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Chimp attack victim: I still ‘feel like me’

Charla Nash, the Connecticut woman who was grievously disfigured and blinded when a pet chimpanzee mauled her last February, said, “I’ve gotten happier” since she started accepting the love and help of her family. Despite her injuries, she said, “I feel like me.”
/ Source: TODAY contributor

For Charla Nash, victim of a savage mauling by a chimpanzee, life goes on despite odds no one would ever want to confront. After her friend’s 200-pound chimp Travis savagely attacked her on Feb. 16, ripping off her eyes, lips, nose and all of her fingers save for a solitary thumb, doctors didn’t expect her to survive.

But the 56-year-old Nash not only survived, she’s moving ahead in a healing process that has medical staff marveling at her resiliency. She’s expected to leave the Cleveland Clinic within a matter of weeks, more than a year earlier than doctors estimated. And despite her debilitating injuries, she looks forward to a fulfilling life with her teenage daughter and her two brothers.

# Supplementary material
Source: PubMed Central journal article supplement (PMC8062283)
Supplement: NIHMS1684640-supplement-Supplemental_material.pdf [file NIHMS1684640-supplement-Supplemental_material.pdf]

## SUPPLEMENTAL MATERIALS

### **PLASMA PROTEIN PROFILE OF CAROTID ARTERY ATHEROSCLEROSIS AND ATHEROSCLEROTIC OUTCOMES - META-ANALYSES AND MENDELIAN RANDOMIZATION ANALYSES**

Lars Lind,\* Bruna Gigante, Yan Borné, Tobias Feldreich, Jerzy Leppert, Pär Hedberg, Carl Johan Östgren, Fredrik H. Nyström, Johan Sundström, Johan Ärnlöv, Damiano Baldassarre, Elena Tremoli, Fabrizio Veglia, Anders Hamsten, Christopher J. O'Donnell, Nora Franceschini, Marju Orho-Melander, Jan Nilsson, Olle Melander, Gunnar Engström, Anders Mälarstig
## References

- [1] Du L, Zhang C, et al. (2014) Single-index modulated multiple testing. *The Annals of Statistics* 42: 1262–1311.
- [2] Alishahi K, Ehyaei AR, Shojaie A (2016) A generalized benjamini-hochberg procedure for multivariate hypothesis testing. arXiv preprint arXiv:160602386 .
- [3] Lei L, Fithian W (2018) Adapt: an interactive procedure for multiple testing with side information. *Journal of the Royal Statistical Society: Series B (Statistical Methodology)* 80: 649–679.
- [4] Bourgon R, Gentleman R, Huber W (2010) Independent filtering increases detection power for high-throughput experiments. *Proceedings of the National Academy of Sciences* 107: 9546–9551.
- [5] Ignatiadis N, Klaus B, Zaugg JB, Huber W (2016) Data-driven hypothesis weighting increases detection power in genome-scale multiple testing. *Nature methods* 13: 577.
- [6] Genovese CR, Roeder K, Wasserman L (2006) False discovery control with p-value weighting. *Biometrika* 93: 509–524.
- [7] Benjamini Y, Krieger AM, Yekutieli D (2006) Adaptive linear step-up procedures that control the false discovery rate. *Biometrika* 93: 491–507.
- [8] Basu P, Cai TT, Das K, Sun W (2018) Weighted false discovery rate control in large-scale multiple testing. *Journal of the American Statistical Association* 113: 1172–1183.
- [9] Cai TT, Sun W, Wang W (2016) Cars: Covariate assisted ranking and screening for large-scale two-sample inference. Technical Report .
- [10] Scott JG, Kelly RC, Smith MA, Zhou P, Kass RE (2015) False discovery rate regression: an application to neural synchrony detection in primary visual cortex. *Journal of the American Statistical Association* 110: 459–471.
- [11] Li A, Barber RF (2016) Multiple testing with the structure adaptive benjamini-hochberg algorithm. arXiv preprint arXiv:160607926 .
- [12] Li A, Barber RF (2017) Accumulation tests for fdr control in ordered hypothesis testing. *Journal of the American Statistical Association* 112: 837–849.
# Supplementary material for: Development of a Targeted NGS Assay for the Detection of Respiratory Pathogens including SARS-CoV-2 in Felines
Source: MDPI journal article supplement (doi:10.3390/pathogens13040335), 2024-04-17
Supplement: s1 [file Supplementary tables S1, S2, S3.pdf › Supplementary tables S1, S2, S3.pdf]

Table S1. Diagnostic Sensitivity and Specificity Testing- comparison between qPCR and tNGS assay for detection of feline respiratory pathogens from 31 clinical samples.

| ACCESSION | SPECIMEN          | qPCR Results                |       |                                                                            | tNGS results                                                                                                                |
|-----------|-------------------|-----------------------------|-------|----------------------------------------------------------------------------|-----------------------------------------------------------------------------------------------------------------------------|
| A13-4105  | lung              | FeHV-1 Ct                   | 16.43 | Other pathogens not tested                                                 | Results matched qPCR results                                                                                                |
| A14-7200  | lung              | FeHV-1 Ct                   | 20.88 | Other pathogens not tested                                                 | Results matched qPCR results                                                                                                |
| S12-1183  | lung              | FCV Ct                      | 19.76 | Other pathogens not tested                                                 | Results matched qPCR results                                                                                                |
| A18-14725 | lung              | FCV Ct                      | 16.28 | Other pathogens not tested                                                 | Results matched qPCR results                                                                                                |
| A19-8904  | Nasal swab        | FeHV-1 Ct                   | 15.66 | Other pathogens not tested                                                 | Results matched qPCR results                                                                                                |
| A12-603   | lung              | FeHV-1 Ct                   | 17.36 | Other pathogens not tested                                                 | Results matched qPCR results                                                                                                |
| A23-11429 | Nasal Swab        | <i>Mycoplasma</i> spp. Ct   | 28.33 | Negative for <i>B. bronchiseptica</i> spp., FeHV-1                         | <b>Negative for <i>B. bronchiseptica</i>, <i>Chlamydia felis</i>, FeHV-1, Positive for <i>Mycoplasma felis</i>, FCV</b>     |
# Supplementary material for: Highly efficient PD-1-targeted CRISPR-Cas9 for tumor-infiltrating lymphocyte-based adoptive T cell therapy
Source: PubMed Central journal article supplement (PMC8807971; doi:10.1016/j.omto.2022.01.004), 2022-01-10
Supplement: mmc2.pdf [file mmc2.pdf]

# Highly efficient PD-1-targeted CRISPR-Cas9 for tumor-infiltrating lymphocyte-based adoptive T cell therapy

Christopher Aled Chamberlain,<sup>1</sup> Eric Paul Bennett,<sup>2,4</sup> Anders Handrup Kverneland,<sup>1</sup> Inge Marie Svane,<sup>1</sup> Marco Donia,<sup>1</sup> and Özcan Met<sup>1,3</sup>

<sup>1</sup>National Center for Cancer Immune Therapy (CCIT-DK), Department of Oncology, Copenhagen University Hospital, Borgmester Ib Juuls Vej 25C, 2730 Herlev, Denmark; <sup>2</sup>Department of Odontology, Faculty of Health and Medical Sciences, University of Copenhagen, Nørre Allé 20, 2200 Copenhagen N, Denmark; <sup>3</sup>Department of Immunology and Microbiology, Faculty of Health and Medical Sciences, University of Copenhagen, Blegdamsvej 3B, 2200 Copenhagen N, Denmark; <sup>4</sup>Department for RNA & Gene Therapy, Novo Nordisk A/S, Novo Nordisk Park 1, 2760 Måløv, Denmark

In an extensive, revealing interview with Meredith Vieira for TODAY that aired Monday, Nash said she doesn’t spend much time looking back. “There’s no time for anything in the past,” she said. “It’ll only make me unhealthier. It’s — you know, you just can’t heal.”

No home for TravisStill, Nash does allow herself to wonder what might have been if Travis’ owners had followed through with plans to get rid of the chimp when his behavior became increasingly erratic.

Travis, owned by Sandra and Jerome Herold, was something of a local celebrity in their hometown of Stamford, Conn. He had appeared in commercials for Old Navy and Coca-Cola, been a guest on Maury Povich’s talk show, and was a familiar sight around town, riding in a car with his owners.

But in 2003, Travis created a stir when he escaped from the Herolds’ car and held up traffic around town for hours, even chasing officers who tried to contain him.

After the incident, Jerome Herold called Nash and asked her to help him resolve the situation. “[Jerome] called me up and said, ‘Could you find a home for him?’ ” Nash told Vieira. “So I found a home. I went on the Internet, found a whole list of places that would take in pets you couldn’t handle anymore. But no place was good enough for Travis, [Sandra Herold] said. Nobody would take care of him like her. So she just didn’t want to get rid of him.”